Just about every other management consulting firm out there claims to have some “proprietary” framework or methodology that somehow makes them better. Having worked as a management consultant and gotten an MBA I’ve been exposed to my share of frameworks, and despite the criticism they often get I’ll admit they have their place. So I thought I could put forward a simple framework I often use (subconsciously) to get things done (if you got into Web 2.0 early on this might seem pretty basic):
(1) Identify and learn your data sources – this could include getting the OWL ontology for an RDF data source, the XML schema for data returned from an API or table fields for CSV files or online tables like Yahoo DataTables. You should do exploratory queries to ensure you can retrieve the data you want.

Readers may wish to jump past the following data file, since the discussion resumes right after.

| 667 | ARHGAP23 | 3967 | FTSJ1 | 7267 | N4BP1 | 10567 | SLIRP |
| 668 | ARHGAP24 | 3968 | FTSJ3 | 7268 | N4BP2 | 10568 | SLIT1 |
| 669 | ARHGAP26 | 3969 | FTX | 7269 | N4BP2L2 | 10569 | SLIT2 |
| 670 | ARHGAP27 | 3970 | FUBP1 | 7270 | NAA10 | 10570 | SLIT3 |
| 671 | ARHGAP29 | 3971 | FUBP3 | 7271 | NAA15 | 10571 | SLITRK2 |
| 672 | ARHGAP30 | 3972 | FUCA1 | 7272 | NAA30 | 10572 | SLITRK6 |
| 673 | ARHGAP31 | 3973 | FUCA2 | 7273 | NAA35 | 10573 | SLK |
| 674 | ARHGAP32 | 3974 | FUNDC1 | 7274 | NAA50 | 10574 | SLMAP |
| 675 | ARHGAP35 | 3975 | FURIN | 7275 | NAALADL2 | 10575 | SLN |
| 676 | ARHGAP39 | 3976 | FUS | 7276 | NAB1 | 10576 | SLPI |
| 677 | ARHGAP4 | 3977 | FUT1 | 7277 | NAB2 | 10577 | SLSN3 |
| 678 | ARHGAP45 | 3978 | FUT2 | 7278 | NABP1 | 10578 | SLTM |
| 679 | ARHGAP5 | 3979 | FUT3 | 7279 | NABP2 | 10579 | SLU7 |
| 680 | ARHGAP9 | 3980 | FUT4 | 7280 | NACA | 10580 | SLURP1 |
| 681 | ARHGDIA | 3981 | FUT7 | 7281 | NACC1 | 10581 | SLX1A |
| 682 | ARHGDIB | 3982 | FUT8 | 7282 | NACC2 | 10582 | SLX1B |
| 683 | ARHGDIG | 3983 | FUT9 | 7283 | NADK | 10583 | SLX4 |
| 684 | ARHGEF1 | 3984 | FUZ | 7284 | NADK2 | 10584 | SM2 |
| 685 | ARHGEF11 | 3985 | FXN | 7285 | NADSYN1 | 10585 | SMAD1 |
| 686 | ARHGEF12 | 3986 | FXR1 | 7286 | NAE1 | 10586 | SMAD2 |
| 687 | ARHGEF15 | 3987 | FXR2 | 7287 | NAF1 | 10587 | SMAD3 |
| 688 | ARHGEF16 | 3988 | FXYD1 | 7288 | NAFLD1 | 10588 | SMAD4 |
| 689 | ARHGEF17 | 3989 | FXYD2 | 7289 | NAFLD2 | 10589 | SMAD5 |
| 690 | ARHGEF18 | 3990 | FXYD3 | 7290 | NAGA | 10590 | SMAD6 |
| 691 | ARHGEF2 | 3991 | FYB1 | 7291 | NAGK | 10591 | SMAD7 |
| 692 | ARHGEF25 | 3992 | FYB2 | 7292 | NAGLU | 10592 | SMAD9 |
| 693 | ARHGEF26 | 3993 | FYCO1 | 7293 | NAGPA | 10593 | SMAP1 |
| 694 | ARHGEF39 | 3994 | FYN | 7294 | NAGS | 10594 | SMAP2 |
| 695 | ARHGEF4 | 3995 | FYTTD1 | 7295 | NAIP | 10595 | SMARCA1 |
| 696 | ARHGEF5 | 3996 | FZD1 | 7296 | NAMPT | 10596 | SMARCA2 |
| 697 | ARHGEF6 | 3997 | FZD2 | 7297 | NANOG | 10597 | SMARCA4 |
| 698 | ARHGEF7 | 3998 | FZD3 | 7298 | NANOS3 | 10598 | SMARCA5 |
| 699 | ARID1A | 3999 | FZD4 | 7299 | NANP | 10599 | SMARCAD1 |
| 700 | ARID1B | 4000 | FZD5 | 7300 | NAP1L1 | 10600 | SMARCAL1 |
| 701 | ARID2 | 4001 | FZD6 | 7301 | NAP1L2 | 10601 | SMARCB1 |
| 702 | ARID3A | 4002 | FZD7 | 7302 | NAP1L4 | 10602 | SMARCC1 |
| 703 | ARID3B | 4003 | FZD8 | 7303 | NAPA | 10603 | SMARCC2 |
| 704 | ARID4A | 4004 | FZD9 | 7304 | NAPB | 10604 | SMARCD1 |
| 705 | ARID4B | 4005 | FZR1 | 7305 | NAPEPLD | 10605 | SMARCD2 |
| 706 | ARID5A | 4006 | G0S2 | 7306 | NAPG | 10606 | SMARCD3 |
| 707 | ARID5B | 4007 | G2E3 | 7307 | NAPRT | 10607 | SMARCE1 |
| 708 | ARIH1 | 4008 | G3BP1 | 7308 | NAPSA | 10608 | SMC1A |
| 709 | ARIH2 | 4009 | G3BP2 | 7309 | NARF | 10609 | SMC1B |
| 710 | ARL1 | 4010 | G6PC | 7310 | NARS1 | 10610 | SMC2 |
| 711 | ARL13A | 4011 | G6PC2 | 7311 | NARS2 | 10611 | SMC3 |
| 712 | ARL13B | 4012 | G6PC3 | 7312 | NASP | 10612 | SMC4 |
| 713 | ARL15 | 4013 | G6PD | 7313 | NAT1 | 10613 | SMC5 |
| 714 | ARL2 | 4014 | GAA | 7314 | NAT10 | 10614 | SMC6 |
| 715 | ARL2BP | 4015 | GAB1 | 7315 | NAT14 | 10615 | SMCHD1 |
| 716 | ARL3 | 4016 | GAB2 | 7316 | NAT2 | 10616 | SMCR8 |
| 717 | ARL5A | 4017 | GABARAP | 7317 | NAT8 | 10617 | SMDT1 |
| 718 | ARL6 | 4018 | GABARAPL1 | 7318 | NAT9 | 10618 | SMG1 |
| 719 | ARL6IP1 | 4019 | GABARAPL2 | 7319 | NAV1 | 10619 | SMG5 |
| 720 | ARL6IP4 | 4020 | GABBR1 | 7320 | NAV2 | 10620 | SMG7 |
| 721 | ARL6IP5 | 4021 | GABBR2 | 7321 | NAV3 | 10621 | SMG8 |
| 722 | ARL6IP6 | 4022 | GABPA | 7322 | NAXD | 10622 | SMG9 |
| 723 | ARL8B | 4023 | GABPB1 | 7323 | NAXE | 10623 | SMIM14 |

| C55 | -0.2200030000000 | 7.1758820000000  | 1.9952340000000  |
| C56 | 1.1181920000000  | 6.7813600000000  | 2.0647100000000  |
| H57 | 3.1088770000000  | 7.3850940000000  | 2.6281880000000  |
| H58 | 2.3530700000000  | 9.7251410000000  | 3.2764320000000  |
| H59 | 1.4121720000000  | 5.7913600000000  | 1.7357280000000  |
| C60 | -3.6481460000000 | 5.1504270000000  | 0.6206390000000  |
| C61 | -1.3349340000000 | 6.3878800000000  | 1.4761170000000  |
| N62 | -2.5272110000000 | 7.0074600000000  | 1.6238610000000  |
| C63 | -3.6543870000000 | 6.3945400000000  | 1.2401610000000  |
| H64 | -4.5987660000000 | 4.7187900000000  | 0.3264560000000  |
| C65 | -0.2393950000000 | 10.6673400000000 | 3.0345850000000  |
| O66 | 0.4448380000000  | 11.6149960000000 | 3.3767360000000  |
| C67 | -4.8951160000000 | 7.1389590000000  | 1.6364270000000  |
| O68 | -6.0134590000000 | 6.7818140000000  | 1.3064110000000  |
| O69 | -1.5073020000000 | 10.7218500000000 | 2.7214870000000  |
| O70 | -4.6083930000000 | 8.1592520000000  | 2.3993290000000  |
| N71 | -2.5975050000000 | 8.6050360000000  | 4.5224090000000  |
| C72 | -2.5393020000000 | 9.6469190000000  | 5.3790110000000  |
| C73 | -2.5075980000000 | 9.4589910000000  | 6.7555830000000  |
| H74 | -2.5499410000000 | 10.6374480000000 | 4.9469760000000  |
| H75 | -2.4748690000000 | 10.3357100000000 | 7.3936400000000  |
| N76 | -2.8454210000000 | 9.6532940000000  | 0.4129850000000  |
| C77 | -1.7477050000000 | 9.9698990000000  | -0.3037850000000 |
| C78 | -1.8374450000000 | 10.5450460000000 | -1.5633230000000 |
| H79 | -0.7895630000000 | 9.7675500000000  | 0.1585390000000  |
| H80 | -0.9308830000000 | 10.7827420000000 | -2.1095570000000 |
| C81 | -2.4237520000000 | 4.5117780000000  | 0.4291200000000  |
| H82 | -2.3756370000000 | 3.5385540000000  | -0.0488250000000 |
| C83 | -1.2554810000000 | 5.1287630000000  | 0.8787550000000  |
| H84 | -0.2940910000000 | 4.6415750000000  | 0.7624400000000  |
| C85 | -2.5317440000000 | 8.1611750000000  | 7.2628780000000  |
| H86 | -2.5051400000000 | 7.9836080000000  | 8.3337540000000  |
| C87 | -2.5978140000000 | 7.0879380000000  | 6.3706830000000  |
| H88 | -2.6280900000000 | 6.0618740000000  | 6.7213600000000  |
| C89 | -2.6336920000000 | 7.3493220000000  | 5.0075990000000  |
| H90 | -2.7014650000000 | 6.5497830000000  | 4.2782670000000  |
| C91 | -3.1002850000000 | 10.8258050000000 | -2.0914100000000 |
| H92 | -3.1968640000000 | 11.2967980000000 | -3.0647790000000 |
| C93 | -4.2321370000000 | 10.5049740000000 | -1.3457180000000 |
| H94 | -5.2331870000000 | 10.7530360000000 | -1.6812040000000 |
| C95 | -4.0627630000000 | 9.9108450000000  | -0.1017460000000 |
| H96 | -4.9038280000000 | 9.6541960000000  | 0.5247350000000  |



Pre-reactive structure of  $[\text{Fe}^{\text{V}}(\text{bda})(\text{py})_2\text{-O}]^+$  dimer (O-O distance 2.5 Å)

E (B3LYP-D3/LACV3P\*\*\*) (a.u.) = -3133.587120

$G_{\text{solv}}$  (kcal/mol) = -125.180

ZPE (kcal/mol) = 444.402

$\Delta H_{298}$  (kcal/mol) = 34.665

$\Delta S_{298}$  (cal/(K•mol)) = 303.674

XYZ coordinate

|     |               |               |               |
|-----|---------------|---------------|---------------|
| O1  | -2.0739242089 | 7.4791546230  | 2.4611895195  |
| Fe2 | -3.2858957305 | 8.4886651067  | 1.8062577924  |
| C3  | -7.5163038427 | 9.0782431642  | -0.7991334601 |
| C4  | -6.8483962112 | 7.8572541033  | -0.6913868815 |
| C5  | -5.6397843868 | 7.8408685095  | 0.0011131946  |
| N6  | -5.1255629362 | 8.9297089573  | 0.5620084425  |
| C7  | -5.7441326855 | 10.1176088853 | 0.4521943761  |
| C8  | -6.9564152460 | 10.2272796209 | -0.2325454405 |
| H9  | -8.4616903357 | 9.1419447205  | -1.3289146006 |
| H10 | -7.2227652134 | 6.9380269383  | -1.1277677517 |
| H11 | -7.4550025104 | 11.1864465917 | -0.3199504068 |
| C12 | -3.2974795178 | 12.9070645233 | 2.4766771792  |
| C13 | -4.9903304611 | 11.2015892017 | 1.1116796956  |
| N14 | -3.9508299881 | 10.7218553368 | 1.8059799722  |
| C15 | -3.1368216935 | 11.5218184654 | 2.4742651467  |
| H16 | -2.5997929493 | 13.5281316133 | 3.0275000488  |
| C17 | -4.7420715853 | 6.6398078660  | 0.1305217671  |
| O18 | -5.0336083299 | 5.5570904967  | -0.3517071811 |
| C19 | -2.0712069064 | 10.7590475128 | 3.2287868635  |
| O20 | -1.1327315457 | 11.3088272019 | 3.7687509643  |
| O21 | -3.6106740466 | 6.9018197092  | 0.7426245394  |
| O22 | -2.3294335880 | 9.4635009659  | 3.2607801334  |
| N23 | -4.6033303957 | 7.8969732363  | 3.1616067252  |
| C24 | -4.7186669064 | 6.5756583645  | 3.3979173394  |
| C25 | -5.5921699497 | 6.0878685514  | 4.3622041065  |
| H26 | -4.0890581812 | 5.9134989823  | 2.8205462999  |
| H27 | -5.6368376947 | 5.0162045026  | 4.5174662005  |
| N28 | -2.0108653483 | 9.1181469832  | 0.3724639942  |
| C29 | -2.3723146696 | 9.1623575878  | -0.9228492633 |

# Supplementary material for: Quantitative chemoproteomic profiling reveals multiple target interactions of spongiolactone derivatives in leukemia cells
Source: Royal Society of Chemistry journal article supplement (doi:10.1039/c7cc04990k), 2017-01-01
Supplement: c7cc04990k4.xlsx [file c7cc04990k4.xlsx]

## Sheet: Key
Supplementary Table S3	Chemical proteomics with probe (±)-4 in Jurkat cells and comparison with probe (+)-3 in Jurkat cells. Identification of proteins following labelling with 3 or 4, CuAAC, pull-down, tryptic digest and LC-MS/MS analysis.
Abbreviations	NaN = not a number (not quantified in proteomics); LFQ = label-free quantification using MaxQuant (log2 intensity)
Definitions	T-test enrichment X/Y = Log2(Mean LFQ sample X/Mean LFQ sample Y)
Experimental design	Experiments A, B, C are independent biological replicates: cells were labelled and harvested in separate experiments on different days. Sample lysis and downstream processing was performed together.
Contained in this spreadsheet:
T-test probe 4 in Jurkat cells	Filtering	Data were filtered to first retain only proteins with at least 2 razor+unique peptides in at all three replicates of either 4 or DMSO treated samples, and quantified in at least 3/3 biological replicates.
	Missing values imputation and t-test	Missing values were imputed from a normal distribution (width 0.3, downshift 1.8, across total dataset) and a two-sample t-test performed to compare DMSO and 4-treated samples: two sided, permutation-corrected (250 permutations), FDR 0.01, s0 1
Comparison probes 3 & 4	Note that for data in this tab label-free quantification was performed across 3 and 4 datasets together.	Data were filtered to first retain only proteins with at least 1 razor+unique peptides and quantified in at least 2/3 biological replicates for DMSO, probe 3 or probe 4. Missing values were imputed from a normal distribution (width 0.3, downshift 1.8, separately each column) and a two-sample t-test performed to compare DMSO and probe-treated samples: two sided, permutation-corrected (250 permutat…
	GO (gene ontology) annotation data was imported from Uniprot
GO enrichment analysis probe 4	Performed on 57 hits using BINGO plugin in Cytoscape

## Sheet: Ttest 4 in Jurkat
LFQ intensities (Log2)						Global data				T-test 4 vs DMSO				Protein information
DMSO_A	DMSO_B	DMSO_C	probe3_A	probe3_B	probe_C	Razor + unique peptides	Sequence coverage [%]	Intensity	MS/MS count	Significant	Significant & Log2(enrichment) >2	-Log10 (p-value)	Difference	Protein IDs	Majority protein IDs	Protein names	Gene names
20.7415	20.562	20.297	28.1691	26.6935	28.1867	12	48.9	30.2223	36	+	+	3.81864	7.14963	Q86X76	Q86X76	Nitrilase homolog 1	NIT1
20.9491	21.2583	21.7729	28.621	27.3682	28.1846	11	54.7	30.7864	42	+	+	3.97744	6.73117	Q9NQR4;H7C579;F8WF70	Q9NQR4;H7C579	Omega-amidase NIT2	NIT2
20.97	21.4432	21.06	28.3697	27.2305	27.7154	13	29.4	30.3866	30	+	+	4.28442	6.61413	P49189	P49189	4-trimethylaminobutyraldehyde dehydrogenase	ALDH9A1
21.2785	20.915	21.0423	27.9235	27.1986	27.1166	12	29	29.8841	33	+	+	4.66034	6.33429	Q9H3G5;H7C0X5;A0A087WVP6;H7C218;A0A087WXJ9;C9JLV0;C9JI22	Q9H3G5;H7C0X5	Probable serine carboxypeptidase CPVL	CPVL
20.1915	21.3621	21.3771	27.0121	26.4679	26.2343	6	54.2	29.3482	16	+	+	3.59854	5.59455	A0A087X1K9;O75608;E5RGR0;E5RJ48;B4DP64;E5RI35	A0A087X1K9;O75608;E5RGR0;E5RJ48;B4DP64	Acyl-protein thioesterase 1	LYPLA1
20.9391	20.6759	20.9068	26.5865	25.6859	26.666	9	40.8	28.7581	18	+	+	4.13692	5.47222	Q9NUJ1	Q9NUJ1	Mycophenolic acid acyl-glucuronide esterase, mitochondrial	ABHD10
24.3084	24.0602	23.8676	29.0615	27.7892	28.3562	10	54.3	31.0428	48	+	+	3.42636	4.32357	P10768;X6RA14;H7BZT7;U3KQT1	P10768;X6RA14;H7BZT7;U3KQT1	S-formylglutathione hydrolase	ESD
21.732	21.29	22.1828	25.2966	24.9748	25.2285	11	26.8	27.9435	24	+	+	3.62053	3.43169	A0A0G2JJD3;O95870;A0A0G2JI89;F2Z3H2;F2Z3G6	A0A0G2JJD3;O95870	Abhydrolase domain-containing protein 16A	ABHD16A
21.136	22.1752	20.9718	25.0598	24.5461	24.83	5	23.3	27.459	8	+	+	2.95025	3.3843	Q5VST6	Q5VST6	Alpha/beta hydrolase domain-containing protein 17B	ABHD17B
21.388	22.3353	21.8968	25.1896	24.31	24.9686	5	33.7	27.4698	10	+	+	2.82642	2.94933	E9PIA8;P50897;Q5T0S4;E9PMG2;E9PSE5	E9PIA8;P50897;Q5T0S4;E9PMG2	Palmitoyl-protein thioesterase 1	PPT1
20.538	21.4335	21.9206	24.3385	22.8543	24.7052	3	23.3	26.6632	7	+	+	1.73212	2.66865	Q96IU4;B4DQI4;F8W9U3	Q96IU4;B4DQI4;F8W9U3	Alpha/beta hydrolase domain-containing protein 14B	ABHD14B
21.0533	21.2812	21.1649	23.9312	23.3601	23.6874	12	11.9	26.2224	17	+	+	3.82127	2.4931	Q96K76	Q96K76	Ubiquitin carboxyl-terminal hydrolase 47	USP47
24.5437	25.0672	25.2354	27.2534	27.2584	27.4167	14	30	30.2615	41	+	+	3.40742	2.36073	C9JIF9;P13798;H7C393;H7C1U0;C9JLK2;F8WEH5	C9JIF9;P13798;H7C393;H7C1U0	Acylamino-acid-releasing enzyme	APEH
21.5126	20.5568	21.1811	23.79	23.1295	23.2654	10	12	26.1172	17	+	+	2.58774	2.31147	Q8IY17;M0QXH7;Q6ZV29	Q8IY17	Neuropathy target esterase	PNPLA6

(2) Identify common values – often, you will be using one value to obtain data from multiple sources about something (for example, you use the name of the company to get the location of its HQ from one API and the names of its subsidiaries from another), or you will be feeding values obtained from one data source to get information from another source (you get the address of the HQ from one API, then feed it into another to get its coordinates). Identify those values and test.
(3) Figure out how you will process the data – you may want to do something simple like aggregation or sorting, or something more sophisticated like feeding it through algorithms. Again perform some tests, preferably with local copies of sample data.
(4) Map data values (or derived data) to elements of your visualization or interface – this is the part where you get to be creative and is usually the hardest part.
The time spent on each step can vary widely. I will try to put more meat around each of these steps in further posts.